Thursday, January 30, 2020

“The Bowery don’t look so bad in the snow”

“Nice view you got up here of the el tracks,” said Janet. “And down over them rooftops you can just see the Brooklyn Bridge. Still there in case you ever decide you want to jump off it again.”

Hector Philips Stone, the doomed romantic poet, said nothing, and drank the hot tea with milk and honey she had brought him in a large take-out cup.

Janet lighted up a Philip Morris, shook out the match and laid it on the window sill. She leaned her head to the side, looking up at that sky the color of the sidewalk down below.

“Looks like snow again,” she said. “The Bowery don’t look so bad in the snow.”

She turned to Hector, lying in his narrow bed. He was unwrapping one of the sandwiches she had brought.

“You want me to crack this window, Hector, let a little fresh air in for a minute?”

“It’s stuck,” he said. Ham salad. He loved ham salad. “I haven’t been able to open it since early November. I guess I could have asked Mr. Morgenstern to open it, but I didn’t want to, especially because I had to ask him to close it in the first place.”

He took a bite of the sandwich. Delicious – even better than Grandma Stone’s!

Janet looked at the window, as if taking its measure, and then she hit its upper sash with the heel of her right fist, once, twice, three times.

“It’s really hopelessly stuck Janet,” said Hector, talking with his mouth full.

Janet put her cigarette between her lips, grabbed the two worn metal sash-pulls, gave them a good yank, and the window opened, letting in the cold air of the Bowery, which did not smell so bad six floors up from the street like this.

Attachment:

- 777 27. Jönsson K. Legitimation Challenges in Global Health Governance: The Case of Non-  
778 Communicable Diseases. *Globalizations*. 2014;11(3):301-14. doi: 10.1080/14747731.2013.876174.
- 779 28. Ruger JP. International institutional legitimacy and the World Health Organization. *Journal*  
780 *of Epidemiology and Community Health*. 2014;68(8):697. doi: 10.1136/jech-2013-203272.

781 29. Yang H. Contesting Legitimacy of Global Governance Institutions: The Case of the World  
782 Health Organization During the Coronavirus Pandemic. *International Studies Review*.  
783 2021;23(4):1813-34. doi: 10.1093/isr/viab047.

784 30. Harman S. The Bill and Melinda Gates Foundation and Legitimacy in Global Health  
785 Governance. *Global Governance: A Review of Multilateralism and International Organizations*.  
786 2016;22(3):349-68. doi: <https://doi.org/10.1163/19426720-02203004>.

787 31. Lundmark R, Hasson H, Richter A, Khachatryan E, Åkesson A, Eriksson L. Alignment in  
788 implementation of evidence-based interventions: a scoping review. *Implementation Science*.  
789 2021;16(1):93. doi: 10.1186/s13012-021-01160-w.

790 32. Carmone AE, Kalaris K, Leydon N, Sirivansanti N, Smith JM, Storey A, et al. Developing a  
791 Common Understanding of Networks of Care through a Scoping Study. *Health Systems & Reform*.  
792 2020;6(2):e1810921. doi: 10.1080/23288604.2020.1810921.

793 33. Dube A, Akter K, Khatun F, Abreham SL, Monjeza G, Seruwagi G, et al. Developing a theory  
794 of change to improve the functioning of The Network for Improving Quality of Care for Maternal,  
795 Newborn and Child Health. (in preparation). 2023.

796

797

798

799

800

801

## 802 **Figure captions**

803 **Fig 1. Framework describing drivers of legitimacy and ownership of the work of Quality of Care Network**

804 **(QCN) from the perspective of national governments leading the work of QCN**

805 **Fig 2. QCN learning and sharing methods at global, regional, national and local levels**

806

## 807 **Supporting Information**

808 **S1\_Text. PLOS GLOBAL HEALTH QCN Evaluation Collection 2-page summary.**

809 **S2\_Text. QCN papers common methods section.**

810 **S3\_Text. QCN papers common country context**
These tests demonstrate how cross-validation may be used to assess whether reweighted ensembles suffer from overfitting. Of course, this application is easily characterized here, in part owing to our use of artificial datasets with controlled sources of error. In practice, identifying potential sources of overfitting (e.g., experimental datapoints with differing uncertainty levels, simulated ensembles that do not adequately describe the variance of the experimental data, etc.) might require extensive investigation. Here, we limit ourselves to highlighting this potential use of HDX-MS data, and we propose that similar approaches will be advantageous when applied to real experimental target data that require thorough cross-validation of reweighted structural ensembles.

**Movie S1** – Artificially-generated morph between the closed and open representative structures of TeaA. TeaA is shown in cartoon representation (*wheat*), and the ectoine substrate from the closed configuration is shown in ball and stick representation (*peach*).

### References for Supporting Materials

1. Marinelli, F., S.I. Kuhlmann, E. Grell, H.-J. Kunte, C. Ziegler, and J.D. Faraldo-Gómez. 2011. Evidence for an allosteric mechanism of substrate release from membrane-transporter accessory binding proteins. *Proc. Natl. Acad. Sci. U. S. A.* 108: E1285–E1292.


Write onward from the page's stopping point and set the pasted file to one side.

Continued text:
“Just a crack,” she said, lowering the window a bit. “Blow some of the stink out. I’ll close it up when I leave.”

Hector swallowed, wiped his lips with one of the paper napkins she had brought.

“Y’know, Janet,” he said, “I really can’t thank you enough, taking care of me while I’ve been laid up like this.”

“Hey, least I can do since I’m the one laid you up,” she said.

“I deserved it,” he said.

“That’s true,” she said. She flicked the dead match on the sill with her fingernail, sending it flying out the window. “Young guy like you. Educated, and a poet and all. Wanting to jump off the goddam Brooklyn Bridge.”

“You don’t understand,” he said.

“Yeah, I guess I don’t. Me, I was born in this crumby neighborhood, but you don’t hear me talking about jumping off no bridges.”

“You’re stronger than I am, Janet.”

“Yeah,” she said. “But anyways, I got a kid sister and brother to support. Who’s gonna take care of them two if I top myself?”

“Well, I can never repay you.”

“I ain’t looking to get repaid, Hector. Oh, by the way, you got some mail.”

She reached into her old cloth coat and brought out a letter, tossed it over to the bed.

Hector picked it up. From Smythe & Son, Publishers. Another rejection letter, doubtless.

He tore it open, and read:

Dear Mr. Stone,

    We have read your collection, Doom Be My Destiny, and are very interested in publishing it, if some deletions and odd changes would not be unamenable to you. Perhaps you are free this coming Friday, and if so I would be delighted to give you lunch, and we can talk the whole matter over. My preferred midday dining spot is the Rose Room at the Algonquin, easy stumbling distance from our offices, and I think you will find the food quite edible and the cocktails refreshing not to mention an excellent cellar. You did not mention if you have representation, but if you do have an agent, feel free to bring him (or her) along as well, as my guest of course. Do please call the number printed above, and I’ll have my secretary make the reservation. Shall we say about one-ish?


Julian Smythe
Director of Acquisitions

Hector folded up the letter and replaced it in the envelope.

“Janet,” he said, “how would you like to be my literary agent?”

{Please click here to read the “adult comic” version in A Flophouse Is Not a Home with illustrations by the redoubtable rhoda penmarq.}

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